Palo Alto, CA—Sugars are an essential source of energy for microrganisms, animals and humans. They are produced by plants, which convert energy from sunlight into chemical energy in the form of sugars through photosynthesis.
These sugars are taken up into cells, no matter whether these are bacteria, yeast, human cells or plant cells, by proteins that create sugar-specific pores in the membrane that surrounds a cell. These transport proteins are thus essential in all organisms. It is not surprising that the transporters of humans and plants are very similar since they evolved from their bacterial ancestors.
Sugar transporters can also be a source of vulnerability for plants and animals alike. In plants they can be susceptible to takeover by pathogens, hijacking the source of the plant's food and energy. In animals, mutations in sugar transporters can lead to diseases, such as diabetes.
New work from a team led by the Stanford University School of Medicine's Liang Feng and including Carnegie's Wolf Frommer has for the first time elucidated the atomic structures of the prototype of the sugar transporters (termed "SWEET" transporters) in plants and humans. These are bacterial sugar transporters, called SemiSWEETs (because they are just half the size of the human and plant ones). Their work is published in Nature.
Until now, there was very limited information about the unique structures of these important transport proteins, which it turns out are different from all other known sugar transporters.
Discovering the structure of these proteins is important, as it is the key to unlocking the mechanism by which they work. And understanding their mechanism is crucial for figuring out what happens when these functions fail to work properly, because that knowledge can help in addressing the resulting diseases or growth problems in both plants and animals.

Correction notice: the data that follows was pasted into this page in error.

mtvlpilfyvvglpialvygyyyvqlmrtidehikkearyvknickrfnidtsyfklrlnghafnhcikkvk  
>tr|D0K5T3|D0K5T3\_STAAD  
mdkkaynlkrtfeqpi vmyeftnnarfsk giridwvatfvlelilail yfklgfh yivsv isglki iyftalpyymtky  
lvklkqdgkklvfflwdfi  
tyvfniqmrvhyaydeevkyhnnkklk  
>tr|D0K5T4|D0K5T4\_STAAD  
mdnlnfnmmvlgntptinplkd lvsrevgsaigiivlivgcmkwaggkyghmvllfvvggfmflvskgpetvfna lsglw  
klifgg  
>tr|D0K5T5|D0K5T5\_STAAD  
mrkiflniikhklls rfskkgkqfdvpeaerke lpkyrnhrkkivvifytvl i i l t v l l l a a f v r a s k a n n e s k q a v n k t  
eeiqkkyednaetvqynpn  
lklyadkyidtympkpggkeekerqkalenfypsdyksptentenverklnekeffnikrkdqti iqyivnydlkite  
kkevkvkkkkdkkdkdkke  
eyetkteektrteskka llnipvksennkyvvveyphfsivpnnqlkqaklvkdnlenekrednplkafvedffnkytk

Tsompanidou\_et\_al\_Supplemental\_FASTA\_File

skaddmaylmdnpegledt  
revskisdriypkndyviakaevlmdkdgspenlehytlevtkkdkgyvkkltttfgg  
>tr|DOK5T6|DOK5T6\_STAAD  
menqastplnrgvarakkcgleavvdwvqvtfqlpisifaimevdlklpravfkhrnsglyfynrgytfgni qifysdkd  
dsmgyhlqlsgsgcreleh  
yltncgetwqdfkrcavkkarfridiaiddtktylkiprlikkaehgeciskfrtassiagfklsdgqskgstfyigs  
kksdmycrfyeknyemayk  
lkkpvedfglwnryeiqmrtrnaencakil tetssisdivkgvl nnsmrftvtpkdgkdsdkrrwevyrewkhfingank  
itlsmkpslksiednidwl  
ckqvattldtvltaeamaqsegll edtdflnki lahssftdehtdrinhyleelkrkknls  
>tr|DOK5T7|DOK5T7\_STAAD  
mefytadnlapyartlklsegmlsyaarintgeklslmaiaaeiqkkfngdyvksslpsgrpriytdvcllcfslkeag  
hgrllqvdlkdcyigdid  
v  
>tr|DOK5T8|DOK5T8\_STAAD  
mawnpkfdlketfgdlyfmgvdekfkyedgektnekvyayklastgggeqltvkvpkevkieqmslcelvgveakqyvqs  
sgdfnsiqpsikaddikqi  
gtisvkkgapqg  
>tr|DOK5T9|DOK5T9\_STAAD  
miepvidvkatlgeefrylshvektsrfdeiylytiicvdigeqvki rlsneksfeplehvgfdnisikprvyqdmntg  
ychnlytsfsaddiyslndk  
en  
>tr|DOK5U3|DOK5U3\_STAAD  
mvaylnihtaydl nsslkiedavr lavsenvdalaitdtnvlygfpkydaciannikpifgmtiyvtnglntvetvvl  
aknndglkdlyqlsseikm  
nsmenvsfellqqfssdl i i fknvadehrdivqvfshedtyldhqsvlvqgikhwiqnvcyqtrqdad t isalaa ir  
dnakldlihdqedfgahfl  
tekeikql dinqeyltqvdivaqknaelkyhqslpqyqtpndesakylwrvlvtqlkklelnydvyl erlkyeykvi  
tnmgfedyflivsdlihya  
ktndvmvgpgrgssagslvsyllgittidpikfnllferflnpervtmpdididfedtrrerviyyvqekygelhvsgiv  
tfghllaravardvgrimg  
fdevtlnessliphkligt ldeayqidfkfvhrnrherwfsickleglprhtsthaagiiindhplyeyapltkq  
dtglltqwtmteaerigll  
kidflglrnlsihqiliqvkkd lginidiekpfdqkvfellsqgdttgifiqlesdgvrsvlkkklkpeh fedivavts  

The research team performed a combination of structural and functional analyses of SemiSWEETs and SWEETs and was able to crystallize two examples in different states, demonstrating not only the protein's structure, but much about its functionality as well.
They found that the SemiSWEETs do not act as a sugar channel, or tunnel, which allow sugars to pass across the membrane. Rather they act like an airlock, moving the sugars in multiple stages, two of which can be observed in the crystal structures. The SemiSWEETs, among the smallest known transport proteins, assemble in pairs, thereby creating a structure that looks like their bigger plant and human SWEET homologs. This marks the SWEET family of proteins as drastically different from other sugar transport proteins.
"One of the most-exciting parts of this discovery is the speed with which we were able to move from discovering these novel sugar transporters, to determining their actual structure, to showing how they work," Frommer said. "Fantastic progress made possible by a collaboration with a structural biologist from Stanford University. Our findings highlight the potential practical applications of this information in improving crop yields as well as in addressing human diseases."
This work was made possible by support from Stanford University, the Mathers Foundation, the Division of Chemical Sciences, Geosciences and Biosciences, Office of Basic Energy Sciences at the US Department of Energy.
Part of this work is based upon research conducted at the Advanced Photon Source on the Northeastern Collaborative Access Team beamlines, which are supported by a grant from the National Institute of General Medical Sciences from the National Institutes of Health. Use of the Advanced Photon Source, an Office of Science User Facility operated for the U.S. Department of Office of Science by Argonne National Laboratory, was supported by the U.S. DOE.
The Carnegie Institution for Science (carnegiescience.edu) is a private, nonprofit organization headquartered in Washington, D.C., with six research departments throughout the U.S. Since its founding in 1902, the Carnegie Institution has been a pioneering force in basic scientific research. Carnegie scientists are leaders in plant biology, developmental biology, astronomy, materials science, global ecology, and Earth and planetary science.
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